As we’ve gotten better acquainted with the trees we pass on our daily walks around the neighborhood, I love that they’re starting to stand out as individuals. In the past I’ve talked about spotting differences as a precursor to identifying species, but those same skills are what have led to noticing that one oak tree in a row of three has a knot on its trunk. Now we look for the “bellybutton tree” every time we walk that stretch of road.
Watch this week’s video to learn an easy-to-replicate leaf shape game, then read on for some more ways to celebrate and learn about trees!
When you are OUTSIDE:
- How many baby trees (seedlings) can you find? The trees that tower over us, and even spindly saplings, grew from the lucky few seeds that landed in a spot with enough space and sunlight and escaped being eaten. Most trees produce tons of seeds to overcome these slim chances, which is why you’ll see tree seedlings popping up everywhere right now.
- Use a little mud and some imagination to give a tree a face by sticking rocks, grass, or other items to the trunk. Visit Tinkergarten for the full instructions and some great example photos.
- There is something so special about stopping to look up at a tall tree, and yet it’s easy to forget to take the time. Try lying under or leaning against a tree for a few minutes while you ponder the canopy. What do you see? What do you wonder? If you have access to a climbable tree and haven’t already embraced tree climbing, now would be a great time to do so!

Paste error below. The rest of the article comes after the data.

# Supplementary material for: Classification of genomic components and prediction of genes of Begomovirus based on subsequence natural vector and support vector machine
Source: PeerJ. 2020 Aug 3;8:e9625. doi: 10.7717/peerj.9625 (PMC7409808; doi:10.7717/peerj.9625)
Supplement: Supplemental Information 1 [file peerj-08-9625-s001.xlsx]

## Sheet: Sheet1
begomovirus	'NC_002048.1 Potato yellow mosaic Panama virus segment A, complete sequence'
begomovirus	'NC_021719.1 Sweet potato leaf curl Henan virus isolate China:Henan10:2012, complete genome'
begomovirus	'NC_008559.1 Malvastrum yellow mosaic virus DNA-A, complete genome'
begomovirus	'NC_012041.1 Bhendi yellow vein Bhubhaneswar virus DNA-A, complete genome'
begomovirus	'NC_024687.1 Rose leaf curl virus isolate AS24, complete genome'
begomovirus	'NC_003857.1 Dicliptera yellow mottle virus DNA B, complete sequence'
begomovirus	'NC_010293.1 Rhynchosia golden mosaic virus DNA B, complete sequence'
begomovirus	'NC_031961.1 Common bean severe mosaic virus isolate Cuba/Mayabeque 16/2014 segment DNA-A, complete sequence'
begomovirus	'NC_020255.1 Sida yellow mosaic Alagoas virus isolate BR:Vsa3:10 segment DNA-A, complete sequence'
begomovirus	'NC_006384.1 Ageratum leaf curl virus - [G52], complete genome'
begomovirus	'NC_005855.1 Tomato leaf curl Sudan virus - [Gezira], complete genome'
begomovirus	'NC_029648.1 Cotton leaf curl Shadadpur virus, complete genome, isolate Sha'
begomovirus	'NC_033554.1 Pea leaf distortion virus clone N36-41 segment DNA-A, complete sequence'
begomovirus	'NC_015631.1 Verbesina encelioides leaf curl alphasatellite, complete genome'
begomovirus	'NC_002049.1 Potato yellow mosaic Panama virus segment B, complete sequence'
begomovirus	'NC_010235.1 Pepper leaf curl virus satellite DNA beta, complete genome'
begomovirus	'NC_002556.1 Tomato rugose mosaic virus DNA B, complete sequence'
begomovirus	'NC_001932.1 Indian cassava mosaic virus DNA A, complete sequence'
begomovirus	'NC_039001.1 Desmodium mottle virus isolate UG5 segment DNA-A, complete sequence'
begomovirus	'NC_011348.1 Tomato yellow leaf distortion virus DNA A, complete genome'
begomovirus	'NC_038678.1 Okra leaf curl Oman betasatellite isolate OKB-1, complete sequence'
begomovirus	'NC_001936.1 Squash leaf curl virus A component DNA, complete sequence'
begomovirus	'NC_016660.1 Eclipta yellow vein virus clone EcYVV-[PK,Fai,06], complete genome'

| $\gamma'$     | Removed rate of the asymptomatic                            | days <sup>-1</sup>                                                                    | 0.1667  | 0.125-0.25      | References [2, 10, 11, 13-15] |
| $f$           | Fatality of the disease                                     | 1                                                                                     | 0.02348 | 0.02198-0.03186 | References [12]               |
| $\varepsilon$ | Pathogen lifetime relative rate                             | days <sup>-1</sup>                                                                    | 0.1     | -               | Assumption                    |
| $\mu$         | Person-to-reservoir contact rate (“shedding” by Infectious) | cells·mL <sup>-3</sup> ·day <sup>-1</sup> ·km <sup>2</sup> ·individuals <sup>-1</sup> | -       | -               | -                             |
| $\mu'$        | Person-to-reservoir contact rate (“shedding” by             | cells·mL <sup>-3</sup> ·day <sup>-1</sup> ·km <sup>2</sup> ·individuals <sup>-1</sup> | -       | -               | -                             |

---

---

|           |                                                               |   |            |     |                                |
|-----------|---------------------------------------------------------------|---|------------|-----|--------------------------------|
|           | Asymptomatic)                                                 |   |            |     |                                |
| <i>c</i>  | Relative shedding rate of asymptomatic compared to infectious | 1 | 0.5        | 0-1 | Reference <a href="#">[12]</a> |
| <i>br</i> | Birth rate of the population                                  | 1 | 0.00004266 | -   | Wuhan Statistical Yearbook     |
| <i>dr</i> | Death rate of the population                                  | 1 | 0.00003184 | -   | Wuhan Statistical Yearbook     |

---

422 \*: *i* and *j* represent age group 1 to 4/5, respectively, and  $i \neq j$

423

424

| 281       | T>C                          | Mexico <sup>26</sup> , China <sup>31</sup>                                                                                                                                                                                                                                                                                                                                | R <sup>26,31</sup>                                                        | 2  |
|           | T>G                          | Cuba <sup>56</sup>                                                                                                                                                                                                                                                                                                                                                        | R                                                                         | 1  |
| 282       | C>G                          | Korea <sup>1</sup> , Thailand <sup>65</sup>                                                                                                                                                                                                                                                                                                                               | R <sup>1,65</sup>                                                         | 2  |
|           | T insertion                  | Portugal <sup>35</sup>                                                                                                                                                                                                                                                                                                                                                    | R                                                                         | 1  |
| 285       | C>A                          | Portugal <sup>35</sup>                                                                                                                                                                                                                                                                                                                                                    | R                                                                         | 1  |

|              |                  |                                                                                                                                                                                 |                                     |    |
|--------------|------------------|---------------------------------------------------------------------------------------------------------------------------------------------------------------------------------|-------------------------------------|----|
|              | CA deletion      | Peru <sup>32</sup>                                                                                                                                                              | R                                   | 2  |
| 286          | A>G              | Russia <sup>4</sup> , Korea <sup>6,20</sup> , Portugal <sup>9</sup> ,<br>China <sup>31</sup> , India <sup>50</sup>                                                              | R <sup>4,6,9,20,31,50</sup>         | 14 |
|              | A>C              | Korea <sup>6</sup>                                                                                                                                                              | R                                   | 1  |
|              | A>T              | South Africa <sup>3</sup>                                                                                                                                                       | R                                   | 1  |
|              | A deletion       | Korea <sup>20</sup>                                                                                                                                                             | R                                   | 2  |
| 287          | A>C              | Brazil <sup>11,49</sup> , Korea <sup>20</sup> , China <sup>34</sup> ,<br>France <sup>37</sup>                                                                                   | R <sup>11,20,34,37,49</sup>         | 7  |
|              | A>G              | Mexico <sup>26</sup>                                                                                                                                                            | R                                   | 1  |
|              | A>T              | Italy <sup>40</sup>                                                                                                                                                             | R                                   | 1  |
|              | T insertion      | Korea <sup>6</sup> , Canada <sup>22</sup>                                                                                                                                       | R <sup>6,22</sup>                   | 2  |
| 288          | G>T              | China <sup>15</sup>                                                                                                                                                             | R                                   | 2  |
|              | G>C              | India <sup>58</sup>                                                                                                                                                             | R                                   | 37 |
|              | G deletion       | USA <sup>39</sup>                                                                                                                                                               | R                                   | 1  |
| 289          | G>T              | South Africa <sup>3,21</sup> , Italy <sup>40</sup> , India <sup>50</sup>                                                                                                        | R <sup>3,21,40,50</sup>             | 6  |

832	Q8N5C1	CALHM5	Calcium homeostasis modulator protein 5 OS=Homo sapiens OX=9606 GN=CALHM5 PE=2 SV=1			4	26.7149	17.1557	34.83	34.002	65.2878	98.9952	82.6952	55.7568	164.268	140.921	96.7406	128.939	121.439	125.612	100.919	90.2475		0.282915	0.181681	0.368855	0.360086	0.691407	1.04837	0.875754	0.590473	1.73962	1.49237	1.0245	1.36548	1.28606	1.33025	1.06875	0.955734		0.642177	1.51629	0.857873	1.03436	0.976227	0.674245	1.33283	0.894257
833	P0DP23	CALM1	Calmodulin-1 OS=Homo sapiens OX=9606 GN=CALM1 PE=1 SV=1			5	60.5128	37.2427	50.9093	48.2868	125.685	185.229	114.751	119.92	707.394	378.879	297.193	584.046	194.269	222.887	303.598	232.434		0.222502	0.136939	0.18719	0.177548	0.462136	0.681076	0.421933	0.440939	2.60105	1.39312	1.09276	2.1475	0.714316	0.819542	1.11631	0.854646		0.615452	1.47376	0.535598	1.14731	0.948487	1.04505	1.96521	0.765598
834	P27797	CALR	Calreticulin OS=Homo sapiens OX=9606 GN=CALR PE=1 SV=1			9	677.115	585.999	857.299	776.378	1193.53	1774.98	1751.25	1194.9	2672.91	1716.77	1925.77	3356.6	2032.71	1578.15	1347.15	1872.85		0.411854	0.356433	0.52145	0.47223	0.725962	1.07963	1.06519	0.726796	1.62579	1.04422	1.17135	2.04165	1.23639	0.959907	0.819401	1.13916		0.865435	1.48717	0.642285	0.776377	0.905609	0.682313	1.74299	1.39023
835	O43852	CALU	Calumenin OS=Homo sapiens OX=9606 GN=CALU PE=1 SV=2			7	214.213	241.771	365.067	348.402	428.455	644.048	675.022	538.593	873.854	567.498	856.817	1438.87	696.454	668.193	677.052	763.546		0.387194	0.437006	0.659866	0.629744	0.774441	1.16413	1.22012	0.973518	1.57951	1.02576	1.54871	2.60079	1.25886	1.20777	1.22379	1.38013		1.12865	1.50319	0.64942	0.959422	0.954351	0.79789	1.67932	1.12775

To keep exploring trees INSIDE, try:
- Cumulative songs and stories are a fun way to practice sequencing and other early literacy skills, and there are some great ones featuring trees. Once your family has mastered the classic “The Green Grass Grows All Around,” you can play around with making the song longer or shorter, or even try substituting in other wildlife!
- Try a little tree-inspired guided movement. You can describe the life cycle of a tree as it grows from tiny seed to tall tree, encouraging children to stand tall and remain rooted to the ground as they sway in the breeze and spread their branches. For some true tree yoga, you can practice tree pose.
- Make some tree art! I like to start by cutting a trunk shape out of butcher paper or a paper bag. Crumple it a few times for bark-like texture before smoothing it out and glueing it to paper. From there, you can add leaves cut out of magazine pages, draw wildlife in the branches, or design a treehouse. If you’re up for a really big project, try making a giant tree on the wall that you can add to over time.